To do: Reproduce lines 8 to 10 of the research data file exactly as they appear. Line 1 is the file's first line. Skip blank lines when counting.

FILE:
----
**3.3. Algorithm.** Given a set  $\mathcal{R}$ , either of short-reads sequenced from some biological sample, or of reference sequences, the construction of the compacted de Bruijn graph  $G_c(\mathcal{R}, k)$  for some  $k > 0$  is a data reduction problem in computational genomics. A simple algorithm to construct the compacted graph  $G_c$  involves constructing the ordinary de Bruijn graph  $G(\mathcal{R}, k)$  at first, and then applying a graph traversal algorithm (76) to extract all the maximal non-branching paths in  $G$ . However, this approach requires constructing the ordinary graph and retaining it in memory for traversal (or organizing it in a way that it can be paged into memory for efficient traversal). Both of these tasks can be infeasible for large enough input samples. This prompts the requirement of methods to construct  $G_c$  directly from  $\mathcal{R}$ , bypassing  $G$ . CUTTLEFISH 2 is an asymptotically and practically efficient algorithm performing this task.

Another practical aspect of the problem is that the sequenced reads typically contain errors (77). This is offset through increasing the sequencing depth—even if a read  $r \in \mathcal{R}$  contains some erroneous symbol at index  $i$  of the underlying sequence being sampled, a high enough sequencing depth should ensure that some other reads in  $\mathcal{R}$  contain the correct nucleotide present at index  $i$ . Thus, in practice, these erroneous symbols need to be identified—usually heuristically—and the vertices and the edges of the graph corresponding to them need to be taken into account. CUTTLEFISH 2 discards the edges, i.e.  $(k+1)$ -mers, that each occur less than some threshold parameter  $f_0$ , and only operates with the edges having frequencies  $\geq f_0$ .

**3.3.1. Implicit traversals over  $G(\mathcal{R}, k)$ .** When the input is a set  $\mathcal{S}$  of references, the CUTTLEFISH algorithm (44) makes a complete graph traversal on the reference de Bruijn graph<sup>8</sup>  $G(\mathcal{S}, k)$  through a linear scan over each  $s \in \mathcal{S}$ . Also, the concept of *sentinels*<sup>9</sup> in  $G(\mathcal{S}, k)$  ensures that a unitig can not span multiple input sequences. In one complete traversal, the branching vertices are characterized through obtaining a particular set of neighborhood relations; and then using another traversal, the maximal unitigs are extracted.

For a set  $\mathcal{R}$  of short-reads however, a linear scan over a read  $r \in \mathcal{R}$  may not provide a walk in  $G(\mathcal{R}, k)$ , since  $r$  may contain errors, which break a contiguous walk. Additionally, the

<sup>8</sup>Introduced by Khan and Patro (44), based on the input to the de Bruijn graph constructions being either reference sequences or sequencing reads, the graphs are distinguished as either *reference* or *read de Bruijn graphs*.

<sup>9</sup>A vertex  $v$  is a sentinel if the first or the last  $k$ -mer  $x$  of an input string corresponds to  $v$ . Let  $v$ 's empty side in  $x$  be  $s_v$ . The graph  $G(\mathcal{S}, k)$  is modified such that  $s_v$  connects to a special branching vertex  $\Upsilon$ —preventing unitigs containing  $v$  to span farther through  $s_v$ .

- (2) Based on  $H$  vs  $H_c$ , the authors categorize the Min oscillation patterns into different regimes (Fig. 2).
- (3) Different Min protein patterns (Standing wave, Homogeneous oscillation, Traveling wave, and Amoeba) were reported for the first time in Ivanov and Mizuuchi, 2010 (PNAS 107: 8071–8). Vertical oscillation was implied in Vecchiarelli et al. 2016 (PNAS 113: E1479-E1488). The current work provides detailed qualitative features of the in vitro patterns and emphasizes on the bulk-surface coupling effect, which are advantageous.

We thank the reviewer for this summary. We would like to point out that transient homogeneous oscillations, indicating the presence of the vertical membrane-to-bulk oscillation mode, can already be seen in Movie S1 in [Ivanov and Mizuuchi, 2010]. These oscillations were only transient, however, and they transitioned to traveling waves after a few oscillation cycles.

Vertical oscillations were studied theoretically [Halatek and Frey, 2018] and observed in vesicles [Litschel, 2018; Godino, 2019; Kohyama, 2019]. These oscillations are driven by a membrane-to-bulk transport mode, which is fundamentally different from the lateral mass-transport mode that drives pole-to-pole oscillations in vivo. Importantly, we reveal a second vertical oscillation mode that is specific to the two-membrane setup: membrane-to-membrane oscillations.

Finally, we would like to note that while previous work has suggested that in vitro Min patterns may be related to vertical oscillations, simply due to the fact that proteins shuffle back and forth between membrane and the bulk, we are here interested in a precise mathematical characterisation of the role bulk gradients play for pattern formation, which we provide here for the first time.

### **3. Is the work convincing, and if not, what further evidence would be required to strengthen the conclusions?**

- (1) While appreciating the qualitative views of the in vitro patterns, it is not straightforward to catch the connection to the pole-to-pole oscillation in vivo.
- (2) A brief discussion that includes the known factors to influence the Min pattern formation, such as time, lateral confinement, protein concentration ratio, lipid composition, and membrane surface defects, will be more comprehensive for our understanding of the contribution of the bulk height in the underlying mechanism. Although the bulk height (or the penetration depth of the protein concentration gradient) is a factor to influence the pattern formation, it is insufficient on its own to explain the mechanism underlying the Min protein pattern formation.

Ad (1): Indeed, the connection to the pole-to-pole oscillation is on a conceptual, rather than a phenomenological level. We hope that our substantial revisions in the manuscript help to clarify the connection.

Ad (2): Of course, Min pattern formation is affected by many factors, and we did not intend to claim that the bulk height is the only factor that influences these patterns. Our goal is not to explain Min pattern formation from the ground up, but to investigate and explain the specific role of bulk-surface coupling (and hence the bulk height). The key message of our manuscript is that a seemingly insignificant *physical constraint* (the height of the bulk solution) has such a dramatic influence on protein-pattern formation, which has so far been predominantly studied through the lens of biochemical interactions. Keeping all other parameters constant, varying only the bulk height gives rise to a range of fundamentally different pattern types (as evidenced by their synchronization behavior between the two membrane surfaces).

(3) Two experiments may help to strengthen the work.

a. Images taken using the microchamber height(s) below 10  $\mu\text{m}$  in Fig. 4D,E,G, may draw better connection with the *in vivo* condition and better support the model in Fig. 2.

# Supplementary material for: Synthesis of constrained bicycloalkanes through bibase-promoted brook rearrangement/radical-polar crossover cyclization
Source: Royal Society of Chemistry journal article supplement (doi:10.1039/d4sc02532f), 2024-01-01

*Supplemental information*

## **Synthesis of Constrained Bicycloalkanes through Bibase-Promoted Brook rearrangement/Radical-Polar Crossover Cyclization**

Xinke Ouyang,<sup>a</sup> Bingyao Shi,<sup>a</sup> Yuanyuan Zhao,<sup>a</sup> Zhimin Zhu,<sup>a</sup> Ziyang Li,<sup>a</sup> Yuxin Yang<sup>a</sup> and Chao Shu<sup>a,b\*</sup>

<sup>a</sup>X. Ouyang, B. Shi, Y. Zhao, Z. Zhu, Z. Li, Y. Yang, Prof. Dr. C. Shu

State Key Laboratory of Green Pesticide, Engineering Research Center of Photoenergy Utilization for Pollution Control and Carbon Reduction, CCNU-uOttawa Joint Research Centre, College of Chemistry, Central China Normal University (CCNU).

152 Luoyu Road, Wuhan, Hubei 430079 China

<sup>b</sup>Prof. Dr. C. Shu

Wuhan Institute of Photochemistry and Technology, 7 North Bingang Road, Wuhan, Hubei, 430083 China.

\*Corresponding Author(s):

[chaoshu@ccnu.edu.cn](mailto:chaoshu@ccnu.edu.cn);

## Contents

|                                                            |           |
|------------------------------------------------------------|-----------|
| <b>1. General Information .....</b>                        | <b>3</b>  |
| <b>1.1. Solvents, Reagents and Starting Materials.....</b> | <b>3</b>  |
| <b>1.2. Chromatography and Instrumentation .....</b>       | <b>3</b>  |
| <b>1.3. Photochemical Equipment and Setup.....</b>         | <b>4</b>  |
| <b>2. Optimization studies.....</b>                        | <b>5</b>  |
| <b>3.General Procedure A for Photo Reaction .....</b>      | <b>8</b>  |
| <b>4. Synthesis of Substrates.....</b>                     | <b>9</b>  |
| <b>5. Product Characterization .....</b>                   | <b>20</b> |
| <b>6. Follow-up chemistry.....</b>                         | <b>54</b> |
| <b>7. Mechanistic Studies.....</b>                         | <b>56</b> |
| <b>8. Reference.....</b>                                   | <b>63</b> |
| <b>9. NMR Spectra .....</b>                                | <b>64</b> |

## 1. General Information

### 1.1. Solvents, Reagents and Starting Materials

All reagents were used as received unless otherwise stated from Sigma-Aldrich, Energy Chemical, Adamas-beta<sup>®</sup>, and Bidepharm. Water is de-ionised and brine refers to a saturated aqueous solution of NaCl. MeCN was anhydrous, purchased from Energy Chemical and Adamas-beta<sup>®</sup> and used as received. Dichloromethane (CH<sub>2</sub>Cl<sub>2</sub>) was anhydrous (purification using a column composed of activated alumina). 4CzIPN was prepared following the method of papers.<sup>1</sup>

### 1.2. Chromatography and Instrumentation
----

- (3) Different Min protein patterns (Standing wave, Homogeneous oscillation, Traveling wave, and Amoeba) were reported for the first time in Ivanov and Mizuuchi, 2010 (PNAS 107: 8071–8). Vertical oscillation was implied in Vecchiarelli et al. 2016 (PNAS 113: E1479-E1488). The current work provides detailed qualitative features of the in vitro patterns and emphasizes on the bulk-surface coupling effect, which are advantageous.

We thank the reviewer for this summary. We would like to point out that transient homogeneous oscillations, indicating the presence of the vertical membrane-to-bulk oscillation mode, can already be seen in Movie S1 in [Ivanov and Mizuuchi, 2010]. These oscillations were only transient, however, and they transitioned to traveling waves after a few oscillation cycles.

Vertical oscillations were studied theoretically [Halatek and Frey, 2018] and observed in vesicles [Litschel, 2018; Godino, 2019; Kohyama, 2019]. These oscillations are driven by a membrane-to-bulk transport mode, which is fundamentally different from the lateral mass-transport mode that drives pole-to-pole oscillations in vivo. Importantly, we reveal a second vertical oscillation mode that is specific to the two-membrane setup: membrane-to-membrane oscillations.